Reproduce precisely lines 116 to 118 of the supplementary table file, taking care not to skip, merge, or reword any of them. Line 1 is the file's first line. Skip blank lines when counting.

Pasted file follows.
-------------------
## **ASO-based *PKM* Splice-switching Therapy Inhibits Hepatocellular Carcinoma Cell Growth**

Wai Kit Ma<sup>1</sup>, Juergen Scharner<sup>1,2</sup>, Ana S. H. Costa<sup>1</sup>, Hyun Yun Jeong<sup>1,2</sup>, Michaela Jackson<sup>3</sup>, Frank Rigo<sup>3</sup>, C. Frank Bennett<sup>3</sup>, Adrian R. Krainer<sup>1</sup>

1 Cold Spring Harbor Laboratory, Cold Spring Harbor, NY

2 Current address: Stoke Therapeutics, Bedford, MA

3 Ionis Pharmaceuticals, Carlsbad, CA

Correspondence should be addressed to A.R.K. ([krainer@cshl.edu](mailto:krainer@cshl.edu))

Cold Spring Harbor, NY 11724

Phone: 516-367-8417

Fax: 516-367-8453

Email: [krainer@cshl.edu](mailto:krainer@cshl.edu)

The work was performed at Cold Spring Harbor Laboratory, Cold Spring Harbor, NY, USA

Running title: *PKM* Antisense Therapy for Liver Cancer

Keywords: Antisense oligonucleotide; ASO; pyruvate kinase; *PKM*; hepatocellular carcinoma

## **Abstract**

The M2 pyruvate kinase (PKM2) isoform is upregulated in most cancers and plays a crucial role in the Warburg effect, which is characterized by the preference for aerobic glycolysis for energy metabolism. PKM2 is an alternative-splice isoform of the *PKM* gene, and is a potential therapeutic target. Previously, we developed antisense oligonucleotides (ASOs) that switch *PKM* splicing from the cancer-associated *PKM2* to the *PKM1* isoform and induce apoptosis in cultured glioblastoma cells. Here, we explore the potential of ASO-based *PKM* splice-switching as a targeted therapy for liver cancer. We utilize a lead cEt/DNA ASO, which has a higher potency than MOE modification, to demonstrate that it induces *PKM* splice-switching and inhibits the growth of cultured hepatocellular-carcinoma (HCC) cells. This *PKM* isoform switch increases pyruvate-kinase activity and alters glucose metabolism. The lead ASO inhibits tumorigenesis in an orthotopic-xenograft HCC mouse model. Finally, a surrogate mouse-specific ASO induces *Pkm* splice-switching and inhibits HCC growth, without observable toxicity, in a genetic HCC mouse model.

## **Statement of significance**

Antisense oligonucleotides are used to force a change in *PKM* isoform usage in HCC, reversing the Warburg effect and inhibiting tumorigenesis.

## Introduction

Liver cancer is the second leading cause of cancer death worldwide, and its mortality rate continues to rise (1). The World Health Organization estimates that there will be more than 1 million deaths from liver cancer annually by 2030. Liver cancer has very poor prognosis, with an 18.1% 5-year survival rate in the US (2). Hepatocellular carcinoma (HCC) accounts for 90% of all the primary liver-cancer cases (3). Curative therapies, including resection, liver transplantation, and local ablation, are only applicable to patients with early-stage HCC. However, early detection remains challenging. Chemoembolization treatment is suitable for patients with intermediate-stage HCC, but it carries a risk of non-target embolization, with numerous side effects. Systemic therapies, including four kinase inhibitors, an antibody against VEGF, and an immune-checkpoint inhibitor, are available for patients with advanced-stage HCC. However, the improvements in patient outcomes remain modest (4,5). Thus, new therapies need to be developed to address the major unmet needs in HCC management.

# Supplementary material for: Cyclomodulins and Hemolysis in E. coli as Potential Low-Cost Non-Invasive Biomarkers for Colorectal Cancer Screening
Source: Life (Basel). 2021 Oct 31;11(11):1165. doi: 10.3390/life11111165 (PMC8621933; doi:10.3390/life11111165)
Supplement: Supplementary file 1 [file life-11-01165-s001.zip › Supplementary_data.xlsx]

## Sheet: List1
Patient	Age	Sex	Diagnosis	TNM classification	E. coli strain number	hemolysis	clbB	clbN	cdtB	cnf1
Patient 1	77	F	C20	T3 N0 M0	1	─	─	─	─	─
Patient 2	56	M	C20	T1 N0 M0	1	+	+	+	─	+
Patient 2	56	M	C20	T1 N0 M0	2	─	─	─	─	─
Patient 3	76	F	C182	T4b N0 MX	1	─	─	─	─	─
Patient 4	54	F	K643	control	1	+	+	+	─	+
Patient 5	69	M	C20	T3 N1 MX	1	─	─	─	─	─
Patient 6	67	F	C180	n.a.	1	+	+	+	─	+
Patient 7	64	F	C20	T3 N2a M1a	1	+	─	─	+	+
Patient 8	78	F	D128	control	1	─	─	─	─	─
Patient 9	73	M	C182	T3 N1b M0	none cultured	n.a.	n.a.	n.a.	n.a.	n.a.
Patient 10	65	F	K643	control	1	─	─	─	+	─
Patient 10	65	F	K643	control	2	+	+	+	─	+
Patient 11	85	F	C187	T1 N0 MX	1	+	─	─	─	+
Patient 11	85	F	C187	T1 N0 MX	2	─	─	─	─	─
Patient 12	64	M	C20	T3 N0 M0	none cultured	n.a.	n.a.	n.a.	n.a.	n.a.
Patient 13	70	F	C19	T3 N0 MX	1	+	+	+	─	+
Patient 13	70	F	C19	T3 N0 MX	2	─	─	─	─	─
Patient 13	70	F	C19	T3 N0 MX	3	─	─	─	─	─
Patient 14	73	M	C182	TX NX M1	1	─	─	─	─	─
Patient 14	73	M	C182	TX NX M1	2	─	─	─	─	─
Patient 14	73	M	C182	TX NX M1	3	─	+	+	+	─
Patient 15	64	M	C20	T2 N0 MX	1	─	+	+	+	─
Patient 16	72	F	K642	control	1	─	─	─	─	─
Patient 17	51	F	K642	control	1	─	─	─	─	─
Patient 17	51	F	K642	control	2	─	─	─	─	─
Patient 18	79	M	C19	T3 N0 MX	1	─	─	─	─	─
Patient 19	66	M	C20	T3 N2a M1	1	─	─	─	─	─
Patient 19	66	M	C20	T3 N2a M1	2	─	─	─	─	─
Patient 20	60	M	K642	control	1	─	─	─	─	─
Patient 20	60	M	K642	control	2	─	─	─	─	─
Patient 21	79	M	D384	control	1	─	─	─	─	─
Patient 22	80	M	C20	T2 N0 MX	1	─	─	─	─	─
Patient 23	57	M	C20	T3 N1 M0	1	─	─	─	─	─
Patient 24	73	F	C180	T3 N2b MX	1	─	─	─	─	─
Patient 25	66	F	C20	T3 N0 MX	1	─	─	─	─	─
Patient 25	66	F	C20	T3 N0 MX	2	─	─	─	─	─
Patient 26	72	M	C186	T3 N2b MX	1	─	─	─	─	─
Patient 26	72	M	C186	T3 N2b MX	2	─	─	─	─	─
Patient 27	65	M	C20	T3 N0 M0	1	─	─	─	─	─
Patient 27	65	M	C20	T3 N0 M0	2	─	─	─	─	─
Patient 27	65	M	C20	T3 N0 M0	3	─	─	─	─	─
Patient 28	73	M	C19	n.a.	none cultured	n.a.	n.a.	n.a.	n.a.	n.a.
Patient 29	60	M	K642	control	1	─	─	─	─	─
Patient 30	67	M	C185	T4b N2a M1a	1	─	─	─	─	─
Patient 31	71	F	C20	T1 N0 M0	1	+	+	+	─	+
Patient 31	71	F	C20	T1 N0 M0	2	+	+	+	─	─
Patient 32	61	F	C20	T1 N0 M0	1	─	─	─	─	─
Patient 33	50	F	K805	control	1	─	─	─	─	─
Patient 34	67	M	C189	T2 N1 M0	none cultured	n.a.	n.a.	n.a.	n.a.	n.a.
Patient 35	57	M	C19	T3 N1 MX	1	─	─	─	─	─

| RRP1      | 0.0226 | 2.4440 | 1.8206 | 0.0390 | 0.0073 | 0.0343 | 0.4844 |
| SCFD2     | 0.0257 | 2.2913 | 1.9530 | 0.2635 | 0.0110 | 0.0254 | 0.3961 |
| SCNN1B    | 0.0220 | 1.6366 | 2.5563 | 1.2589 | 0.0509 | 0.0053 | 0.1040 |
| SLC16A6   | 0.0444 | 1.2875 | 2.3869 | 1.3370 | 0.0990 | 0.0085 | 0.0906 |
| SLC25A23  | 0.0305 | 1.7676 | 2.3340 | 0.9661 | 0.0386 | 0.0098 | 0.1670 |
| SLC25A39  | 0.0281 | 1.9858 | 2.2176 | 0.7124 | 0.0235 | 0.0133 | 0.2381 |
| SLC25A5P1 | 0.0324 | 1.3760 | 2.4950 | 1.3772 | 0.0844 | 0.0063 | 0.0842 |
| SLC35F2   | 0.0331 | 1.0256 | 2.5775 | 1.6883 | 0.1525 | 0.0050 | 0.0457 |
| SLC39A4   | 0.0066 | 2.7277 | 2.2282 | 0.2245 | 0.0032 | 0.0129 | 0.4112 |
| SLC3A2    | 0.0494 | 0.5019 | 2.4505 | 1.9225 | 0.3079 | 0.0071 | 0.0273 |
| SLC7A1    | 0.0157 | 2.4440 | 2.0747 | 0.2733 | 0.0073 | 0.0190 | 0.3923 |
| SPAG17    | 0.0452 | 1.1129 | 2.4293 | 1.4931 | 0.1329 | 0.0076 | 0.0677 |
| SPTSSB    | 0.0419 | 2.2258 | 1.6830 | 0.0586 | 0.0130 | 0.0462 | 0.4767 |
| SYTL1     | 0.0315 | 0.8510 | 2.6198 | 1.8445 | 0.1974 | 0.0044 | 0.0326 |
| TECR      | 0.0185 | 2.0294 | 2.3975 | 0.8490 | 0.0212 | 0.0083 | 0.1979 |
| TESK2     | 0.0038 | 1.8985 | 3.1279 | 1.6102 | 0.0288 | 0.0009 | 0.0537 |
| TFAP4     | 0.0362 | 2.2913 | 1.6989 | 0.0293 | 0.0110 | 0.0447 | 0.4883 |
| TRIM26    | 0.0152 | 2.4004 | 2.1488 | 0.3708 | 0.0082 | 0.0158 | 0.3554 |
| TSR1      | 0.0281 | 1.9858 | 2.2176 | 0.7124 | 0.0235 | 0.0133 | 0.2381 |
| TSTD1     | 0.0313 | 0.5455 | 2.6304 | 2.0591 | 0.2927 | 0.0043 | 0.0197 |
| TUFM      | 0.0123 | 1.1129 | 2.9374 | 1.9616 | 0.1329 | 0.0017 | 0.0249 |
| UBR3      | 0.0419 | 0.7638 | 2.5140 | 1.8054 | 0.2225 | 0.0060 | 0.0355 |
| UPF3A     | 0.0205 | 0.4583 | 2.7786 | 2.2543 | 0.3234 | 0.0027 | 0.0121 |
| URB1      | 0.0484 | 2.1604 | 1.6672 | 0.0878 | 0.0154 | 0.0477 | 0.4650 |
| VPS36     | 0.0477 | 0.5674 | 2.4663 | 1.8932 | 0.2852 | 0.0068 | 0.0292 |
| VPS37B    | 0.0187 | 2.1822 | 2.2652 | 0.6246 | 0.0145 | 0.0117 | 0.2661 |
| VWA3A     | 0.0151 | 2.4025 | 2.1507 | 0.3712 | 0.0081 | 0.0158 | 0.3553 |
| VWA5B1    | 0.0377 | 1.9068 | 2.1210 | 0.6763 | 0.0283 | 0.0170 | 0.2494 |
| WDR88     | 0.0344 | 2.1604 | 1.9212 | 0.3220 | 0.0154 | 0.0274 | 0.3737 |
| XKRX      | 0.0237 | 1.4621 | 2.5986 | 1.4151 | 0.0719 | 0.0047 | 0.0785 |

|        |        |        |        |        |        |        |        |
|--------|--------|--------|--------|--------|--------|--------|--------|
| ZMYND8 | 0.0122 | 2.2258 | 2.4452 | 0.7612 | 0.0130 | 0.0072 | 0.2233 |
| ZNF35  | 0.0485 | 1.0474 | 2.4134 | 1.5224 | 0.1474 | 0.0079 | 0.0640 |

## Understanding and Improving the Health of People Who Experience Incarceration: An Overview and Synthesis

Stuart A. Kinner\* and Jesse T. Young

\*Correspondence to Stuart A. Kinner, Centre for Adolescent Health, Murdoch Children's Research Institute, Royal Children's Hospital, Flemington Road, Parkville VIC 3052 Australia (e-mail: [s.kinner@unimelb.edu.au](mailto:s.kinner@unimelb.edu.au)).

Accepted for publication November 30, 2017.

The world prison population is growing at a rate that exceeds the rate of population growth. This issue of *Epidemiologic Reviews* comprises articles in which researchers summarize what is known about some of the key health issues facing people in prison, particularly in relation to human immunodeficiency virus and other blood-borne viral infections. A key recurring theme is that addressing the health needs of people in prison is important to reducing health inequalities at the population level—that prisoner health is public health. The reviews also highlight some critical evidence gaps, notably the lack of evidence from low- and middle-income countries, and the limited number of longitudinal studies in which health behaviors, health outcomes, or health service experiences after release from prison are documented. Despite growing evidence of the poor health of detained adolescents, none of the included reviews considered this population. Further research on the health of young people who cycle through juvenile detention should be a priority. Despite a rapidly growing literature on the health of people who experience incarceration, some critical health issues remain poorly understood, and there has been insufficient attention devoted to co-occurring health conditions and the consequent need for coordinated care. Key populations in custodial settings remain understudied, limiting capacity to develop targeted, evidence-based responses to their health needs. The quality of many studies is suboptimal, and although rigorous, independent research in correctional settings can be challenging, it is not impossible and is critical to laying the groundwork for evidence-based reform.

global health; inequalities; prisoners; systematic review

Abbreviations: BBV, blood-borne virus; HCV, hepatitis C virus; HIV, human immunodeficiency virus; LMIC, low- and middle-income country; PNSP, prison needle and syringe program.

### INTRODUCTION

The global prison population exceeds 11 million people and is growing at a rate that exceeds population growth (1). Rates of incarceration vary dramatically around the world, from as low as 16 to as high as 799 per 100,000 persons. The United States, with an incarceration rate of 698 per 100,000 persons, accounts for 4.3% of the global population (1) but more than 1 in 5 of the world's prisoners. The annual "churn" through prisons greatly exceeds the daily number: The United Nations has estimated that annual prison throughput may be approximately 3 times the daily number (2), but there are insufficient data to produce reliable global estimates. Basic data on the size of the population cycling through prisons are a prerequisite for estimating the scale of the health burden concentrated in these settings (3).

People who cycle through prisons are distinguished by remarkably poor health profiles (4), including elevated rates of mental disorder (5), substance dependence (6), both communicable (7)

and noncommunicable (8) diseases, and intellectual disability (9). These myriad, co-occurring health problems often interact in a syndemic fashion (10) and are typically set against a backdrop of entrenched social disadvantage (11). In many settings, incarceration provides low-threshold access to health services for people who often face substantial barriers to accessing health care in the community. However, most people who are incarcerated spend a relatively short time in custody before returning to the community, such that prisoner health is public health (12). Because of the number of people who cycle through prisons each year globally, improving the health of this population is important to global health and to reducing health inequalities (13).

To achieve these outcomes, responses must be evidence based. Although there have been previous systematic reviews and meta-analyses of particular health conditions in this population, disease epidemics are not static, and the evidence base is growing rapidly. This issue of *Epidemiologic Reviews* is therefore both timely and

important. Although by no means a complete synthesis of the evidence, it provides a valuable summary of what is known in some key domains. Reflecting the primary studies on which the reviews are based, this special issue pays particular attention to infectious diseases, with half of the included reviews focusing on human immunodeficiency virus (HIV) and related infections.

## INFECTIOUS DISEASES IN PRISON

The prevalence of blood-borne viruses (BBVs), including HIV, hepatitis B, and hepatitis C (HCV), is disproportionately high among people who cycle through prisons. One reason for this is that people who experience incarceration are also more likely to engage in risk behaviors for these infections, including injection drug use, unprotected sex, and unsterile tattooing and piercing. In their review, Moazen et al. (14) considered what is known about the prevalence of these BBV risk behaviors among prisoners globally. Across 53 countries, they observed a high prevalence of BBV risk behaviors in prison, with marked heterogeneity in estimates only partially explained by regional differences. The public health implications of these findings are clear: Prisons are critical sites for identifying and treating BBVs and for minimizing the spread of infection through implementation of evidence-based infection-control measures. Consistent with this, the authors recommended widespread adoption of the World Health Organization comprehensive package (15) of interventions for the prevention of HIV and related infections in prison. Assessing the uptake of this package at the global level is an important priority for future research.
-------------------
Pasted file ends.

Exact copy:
### INTRODUCTION

The global prison population exceeds 11 million people and is growing at a rate that exceeds population growth (1). Rates of incarceration vary dramatically around the world, from as low as 16 to as high as 799 per 100,000 persons. The United States, with an incarceration rate of 698 per 100,000 persons, accounts for 4.3% of the global population (1) but more than 1 in 5 of the world's prisoners. The annual "churn" through prisons greatly exceeds the daily number: The United Nations has estimated that annual prison throughput may be approximately 3 times the daily number (2), but there are insufficient data to produce reliable global estimates. Basic data on the size of the population cycling through prisons are a prerequisite for estimating the scale of the health burden concentrated in these settings (3).

People who cycle through prisons are distinguished by remarkably poor health profiles (4), including elevated rates of mental disorder (5), substance dependence (6), both communicable (7)